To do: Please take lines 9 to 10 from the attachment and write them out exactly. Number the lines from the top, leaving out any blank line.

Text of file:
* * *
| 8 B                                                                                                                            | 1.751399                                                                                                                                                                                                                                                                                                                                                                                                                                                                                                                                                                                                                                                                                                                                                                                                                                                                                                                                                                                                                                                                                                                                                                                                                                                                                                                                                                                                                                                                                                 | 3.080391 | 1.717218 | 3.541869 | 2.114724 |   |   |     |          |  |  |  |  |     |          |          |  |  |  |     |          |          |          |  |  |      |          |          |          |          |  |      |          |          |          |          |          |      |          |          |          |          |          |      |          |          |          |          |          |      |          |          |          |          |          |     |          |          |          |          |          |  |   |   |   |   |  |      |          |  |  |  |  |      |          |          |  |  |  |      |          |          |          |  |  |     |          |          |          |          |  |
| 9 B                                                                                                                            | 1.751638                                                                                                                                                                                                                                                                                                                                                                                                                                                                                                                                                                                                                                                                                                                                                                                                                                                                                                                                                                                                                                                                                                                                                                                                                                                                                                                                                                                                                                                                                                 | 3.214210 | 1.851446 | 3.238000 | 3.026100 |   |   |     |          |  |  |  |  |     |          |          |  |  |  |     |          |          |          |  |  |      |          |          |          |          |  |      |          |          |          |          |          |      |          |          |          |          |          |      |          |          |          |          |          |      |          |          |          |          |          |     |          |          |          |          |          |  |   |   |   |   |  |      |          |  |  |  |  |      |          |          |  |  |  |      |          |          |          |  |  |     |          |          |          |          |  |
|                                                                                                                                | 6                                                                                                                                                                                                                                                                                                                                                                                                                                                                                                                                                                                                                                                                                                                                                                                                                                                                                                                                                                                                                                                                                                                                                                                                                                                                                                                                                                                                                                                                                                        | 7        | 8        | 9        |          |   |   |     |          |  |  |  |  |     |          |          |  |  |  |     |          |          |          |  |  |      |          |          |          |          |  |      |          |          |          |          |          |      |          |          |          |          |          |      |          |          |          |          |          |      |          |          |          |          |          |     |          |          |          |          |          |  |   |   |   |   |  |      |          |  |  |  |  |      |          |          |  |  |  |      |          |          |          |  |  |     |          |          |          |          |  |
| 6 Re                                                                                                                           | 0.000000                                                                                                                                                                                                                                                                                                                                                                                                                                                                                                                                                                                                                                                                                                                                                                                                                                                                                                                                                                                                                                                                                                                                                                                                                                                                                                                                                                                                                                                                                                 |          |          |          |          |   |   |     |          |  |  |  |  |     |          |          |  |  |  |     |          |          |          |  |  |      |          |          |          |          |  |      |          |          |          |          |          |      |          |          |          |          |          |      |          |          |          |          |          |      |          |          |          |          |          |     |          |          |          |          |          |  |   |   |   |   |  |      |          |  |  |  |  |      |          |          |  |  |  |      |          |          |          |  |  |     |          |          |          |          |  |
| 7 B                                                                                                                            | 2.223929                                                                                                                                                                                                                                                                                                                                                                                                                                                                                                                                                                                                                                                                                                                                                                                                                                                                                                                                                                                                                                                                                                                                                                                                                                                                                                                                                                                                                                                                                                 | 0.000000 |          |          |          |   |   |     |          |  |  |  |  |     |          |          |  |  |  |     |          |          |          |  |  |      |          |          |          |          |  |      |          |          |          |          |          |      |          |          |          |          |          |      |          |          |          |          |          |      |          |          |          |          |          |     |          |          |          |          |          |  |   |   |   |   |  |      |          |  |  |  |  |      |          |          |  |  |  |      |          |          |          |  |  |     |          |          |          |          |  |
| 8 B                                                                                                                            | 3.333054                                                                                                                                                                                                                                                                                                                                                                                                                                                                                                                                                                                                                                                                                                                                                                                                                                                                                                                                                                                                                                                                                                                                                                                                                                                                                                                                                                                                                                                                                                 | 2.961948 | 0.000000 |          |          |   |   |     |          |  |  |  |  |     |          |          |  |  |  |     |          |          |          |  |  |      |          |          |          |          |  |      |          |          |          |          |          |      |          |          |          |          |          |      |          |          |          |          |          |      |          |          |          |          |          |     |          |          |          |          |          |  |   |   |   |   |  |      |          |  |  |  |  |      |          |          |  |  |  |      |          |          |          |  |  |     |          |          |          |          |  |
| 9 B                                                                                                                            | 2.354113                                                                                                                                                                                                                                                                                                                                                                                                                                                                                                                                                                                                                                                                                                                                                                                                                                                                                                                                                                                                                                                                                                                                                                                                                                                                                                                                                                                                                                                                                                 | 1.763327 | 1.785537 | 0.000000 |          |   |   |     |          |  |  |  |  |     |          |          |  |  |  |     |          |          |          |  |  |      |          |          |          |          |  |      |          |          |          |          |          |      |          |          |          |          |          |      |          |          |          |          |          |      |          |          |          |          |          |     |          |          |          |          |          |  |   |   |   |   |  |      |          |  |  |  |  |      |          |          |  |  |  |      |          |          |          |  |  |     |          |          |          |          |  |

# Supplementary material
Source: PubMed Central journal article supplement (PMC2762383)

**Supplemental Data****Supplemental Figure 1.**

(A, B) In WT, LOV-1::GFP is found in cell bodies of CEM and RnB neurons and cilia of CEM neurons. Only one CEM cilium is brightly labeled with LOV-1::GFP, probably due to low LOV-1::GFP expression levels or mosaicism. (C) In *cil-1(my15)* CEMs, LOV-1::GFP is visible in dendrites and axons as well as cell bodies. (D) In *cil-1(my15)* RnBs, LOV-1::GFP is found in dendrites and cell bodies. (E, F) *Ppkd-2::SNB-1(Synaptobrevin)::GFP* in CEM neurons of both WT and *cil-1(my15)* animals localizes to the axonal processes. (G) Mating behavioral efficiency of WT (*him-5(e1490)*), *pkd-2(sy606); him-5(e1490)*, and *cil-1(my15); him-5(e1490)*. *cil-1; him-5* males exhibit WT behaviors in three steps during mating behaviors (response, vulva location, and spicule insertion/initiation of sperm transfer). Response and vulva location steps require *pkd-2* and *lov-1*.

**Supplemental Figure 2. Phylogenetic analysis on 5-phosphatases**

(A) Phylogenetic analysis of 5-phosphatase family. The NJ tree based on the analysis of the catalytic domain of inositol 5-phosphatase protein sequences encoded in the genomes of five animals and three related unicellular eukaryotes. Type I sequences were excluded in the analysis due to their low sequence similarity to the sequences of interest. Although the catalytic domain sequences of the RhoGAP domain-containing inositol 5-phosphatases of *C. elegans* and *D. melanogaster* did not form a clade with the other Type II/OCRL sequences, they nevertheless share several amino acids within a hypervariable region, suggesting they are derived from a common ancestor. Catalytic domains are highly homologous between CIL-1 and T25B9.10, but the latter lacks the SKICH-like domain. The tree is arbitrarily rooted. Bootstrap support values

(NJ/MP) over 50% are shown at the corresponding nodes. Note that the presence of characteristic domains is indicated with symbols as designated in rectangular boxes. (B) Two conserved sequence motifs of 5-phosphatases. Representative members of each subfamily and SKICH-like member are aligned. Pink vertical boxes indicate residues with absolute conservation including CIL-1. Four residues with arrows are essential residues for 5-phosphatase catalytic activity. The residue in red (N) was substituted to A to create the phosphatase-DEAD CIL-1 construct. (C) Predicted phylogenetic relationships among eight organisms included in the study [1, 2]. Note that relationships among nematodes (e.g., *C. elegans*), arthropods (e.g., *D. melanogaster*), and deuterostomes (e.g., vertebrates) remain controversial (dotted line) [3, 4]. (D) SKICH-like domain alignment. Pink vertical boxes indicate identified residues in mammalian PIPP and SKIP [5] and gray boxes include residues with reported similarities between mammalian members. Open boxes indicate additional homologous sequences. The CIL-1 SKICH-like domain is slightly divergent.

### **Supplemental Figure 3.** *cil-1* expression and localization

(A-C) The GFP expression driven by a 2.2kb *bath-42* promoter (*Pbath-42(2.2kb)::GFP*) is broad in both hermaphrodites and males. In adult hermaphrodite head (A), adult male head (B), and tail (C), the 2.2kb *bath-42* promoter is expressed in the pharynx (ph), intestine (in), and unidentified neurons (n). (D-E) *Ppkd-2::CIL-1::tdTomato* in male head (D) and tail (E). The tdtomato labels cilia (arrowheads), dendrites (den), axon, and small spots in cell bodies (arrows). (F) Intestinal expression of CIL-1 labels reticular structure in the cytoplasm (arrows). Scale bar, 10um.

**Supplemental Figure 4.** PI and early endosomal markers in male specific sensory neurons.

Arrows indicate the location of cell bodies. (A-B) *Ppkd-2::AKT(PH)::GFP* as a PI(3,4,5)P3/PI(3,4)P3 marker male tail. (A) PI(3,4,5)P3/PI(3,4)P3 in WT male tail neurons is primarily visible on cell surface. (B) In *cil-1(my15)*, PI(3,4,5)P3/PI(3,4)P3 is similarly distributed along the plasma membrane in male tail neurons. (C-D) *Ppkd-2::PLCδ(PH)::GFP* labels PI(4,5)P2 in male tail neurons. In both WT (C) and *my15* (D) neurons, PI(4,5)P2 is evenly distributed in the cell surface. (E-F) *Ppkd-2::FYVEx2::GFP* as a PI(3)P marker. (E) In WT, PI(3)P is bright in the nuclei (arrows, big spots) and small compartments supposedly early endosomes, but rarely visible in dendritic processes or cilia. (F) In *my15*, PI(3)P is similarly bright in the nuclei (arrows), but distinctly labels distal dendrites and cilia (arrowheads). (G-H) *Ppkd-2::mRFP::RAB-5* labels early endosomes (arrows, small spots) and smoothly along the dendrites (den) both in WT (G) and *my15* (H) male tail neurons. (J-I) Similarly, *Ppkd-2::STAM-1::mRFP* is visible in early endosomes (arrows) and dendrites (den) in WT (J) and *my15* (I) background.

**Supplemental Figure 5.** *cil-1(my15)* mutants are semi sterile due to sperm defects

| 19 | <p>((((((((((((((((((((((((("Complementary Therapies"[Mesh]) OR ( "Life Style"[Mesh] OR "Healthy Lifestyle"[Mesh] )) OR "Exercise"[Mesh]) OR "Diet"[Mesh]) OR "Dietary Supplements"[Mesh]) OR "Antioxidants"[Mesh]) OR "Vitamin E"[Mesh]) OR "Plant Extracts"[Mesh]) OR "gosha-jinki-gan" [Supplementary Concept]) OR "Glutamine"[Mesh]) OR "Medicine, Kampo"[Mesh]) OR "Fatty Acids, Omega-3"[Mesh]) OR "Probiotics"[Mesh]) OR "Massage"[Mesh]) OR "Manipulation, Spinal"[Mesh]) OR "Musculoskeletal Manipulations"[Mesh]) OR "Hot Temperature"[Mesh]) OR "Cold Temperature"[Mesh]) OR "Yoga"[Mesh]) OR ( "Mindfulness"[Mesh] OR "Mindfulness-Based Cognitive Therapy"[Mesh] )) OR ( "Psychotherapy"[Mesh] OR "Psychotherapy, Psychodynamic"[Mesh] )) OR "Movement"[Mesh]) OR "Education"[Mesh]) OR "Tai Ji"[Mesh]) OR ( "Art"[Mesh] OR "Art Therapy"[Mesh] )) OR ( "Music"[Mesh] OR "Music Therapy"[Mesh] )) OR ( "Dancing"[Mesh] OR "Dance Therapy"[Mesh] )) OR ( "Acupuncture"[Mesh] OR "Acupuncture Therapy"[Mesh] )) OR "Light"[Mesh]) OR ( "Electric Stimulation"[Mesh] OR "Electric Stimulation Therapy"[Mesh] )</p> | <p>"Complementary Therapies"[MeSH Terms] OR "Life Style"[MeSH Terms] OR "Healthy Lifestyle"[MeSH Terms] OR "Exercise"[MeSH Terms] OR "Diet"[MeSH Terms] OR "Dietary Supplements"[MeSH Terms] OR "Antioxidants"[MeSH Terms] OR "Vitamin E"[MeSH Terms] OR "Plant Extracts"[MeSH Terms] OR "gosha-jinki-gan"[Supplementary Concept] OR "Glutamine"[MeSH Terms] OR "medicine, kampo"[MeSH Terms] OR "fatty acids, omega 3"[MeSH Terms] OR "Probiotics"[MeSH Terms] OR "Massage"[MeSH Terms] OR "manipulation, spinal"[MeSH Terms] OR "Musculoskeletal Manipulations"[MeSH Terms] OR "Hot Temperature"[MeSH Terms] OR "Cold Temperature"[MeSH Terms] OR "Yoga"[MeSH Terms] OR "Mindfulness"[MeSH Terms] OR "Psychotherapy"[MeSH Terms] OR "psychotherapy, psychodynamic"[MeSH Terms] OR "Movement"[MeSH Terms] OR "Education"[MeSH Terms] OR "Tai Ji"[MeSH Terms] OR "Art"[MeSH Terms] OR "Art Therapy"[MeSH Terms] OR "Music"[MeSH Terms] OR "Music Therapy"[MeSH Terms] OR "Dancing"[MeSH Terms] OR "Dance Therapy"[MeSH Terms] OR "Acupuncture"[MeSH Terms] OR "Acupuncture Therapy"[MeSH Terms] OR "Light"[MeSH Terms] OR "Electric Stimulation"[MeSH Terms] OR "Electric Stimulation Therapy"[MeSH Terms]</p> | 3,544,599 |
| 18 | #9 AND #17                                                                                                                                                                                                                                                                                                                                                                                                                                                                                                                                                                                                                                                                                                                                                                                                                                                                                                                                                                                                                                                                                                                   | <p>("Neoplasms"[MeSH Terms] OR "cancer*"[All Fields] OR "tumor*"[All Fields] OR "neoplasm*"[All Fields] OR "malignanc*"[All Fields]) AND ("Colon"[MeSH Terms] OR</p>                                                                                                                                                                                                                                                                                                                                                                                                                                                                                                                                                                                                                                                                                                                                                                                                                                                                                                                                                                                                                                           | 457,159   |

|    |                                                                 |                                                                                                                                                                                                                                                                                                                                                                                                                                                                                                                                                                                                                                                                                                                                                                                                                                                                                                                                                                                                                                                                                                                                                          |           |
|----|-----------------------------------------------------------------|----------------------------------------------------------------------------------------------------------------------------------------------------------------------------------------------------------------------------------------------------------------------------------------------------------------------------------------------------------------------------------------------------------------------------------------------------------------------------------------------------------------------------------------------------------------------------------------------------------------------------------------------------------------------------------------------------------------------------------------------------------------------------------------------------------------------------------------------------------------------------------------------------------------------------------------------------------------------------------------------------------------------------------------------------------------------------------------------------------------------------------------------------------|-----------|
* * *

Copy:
Source: PubMed Central journal article supplement (PMC2762383)

**Supplemental Data****Supplemental Figure 1.**